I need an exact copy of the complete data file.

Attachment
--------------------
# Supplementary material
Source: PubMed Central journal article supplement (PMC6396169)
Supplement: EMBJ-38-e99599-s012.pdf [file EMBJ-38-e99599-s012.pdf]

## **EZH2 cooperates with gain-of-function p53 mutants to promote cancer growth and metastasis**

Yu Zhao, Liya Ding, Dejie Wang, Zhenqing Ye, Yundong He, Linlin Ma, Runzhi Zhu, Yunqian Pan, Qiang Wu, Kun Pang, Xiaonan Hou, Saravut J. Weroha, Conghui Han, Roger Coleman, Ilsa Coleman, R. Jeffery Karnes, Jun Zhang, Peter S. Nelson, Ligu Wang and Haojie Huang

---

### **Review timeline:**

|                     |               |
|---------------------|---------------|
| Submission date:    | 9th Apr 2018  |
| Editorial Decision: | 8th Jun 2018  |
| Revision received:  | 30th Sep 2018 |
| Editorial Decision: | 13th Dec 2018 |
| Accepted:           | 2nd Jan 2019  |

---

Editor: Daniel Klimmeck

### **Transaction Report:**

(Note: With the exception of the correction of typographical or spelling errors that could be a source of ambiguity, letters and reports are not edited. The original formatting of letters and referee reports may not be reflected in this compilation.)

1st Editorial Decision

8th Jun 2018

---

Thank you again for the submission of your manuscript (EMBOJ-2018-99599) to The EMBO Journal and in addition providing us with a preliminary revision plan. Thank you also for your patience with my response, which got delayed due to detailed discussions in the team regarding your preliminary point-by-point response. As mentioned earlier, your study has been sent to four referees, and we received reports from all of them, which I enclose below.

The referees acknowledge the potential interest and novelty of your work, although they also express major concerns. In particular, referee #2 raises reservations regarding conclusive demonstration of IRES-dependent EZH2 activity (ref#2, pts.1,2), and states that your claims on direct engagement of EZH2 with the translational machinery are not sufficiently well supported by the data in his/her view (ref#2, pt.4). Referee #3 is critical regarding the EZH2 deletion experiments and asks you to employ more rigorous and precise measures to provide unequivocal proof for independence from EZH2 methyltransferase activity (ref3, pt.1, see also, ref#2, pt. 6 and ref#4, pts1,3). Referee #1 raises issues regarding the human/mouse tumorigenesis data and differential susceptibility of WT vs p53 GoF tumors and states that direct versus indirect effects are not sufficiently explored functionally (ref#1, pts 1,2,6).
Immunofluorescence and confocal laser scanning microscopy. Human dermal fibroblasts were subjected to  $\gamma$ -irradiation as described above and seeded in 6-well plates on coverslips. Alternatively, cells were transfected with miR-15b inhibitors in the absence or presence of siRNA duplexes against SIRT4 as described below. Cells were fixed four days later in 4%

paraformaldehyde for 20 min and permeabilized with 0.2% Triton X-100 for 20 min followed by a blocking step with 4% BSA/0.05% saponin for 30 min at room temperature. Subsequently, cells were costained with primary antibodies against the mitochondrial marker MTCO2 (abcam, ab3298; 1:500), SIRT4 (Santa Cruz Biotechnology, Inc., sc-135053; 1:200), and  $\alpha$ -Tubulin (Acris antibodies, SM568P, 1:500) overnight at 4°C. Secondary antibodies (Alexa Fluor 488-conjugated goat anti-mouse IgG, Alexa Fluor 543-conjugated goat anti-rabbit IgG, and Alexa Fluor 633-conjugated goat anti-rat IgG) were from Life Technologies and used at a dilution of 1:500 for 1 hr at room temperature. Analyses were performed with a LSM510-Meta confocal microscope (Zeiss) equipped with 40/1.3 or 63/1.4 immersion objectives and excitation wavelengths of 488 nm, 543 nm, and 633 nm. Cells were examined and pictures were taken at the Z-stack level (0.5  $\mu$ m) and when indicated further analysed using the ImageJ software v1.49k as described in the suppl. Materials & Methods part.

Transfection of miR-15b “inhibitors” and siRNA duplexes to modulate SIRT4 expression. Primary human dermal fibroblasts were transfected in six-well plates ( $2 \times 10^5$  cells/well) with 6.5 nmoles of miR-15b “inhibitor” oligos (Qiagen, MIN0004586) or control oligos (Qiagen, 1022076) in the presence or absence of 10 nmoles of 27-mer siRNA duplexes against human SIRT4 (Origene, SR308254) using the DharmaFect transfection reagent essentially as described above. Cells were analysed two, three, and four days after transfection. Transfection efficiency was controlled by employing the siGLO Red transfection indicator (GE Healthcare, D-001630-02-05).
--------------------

# Supplementary material
Source: PubMed Central journal article supplement (PMC6396169)
Supplement: EMBJ-38-e99599-s012.pdf [file EMBJ-38-e99599-s012.pdf]

## **EZH2 cooperates with gain-of-function p53 mutants to promote cancer growth and metastasis**

Yu Zhao, Liya Ding, Dejie Wang, Zhenqing Ye, Yundong He, Linlin Ma, Runzhi Zhu, Yunqian Pan, Qiang Wu, Kun Pang, Xiaonan Hou, Saravut J. Weroha, Conghui Han, Roger Coleman, Ilsa Coleman, R. Jeffery Karnes, Jun Zhang, Peter S. Nelson, Ligu Wang and Haojie Huang

---

### **Review timeline:**

|                     |               |
|---------------------|---------------|
| Submission date:    | 9th Apr 2018  |
| Editorial Decision: | 8th Jun 2018  |
| Revision received:  | 30th Sep 2018 |
| Editorial Decision: | 13th Dec 2018 |
| Accepted:           | 2nd Jan 2019  |

---

Editor: Daniel Klimmeck

### **Transaction Report:**

(Note: With the exception of the correction of typographical or spelling errors that could be a source of ambiguity, letters and reports are not edited. The original formatting of letters and referee reports may not be reflected in this compilation.)

1st Editorial Decision

8th Jun 2018

---

Thank you again for the submission of your manuscript (EMBOJ-2018-99599) to The EMBO Journal and in addition providing us with a preliminary revision plan. Thank you also for your patience with my response, which got delayed due to detailed discussions in the team regarding your preliminary point-by-point response. As mentioned earlier, your study has been sent to four referees, and we received reports from all of them, which I enclose below.

The referees acknowledge the potential interest and novelty of your work, although they also express major concerns. In particular, referee #2 raises reservations regarding conclusive demonstration of IRES-dependent EZH2 activity (ref#2, pts.1,2), and states that your claims on direct engagement of EZH2 with the translational machinery are not sufficiently well supported by the data in his/her view (ref#2, pt.4). Referee #3 is critical regarding the EZH2 deletion experiments and asks you to employ more rigorous and precise measures to provide unequivocal proof for independence from EZH2 methyltransferase activity (ref3, pt.1, see also, ref#2, pt. 6 and ref#4, pts1,3). Referee #1 raises issues regarding the human/mouse tumorigenesis data and differential susceptibility of WT vs p53 GoF tumors and states that direct versus indirect effects are not sufficiently explored functionally (ref#1, pts 1,2,6).
Immunofluorescence and confocal laser scanning microscopy. Human dermal fibroblasts were subjected to  $\gamma$ -irradiation as described above and seeded in 6-well plates on coverslips. Alternatively, cells were transfected with miR-15b inhibitors in the absence or presence of siRNA duplexes against SIRT4 as described below. Cells were fixed four days later in 4%

paraformaldehyde for 20 min and permeabilized with 0.2% Triton X-100 for 20 min followed by a blocking step with 4% BSA/0.05% saponin for 30 min at room temperature. Subsequently, cells were costained with primary antibodies against the mitochondrial marker MTCO2 (abcam, ab3298; 1:500), SIRT4 (Santa Cruz Biotechnology, Inc., sc-135053; 1:200), and  $\alpha$ -Tubulin (Acris antibodies, SM568P, 1:500) overnight at 4°C. Secondary antibodies (Alexa Fluor 488-conjugated goat anti-mouse IgG, Alexa Fluor 543-conjugated goat anti-rabbit IgG, and Alexa Fluor 633-conjugated goat anti-rat IgG) were from Life Technologies and used at a dilution of 1:500 for 1 hr at room temperature. Analyses were performed with a LSM510-Meta confocal microscope (Zeiss) equipped with 40/1.3 or 63/1.4 immersion objectives and excitation wavelengths of 488 nm, 543 nm, and 633 nm. Cells were examined and pictures were taken at the Z-stack level (0.5  $\mu$ m) and when indicated further analysed using the ImageJ software v1.49k as described in the suppl. Materials & Methods part.

Transfection of miR-15b “inhibitors” and siRNA duplexes to modulate SIRT4 expression. Primary human dermal fibroblasts were transfected in six-well plates ( $2 \times 10^5$  cells/well) with 6.5 nmoles of miR-15b “inhibitor” oligos (Qiagen, MIN0004586) or control oligos (Qiagen, 1022076) in the presence or absence of 10 nmoles of 27-mer siRNA duplexes against human SIRT4 (Origene, SR308254) using the DharmaFect transfection reagent essentially as described above. Cells were analysed two, three, and four days after transfection. Transfection efficiency was controlled by employing the siGLO Red transfection indicator (GE Healthcare, D-001630-02-05).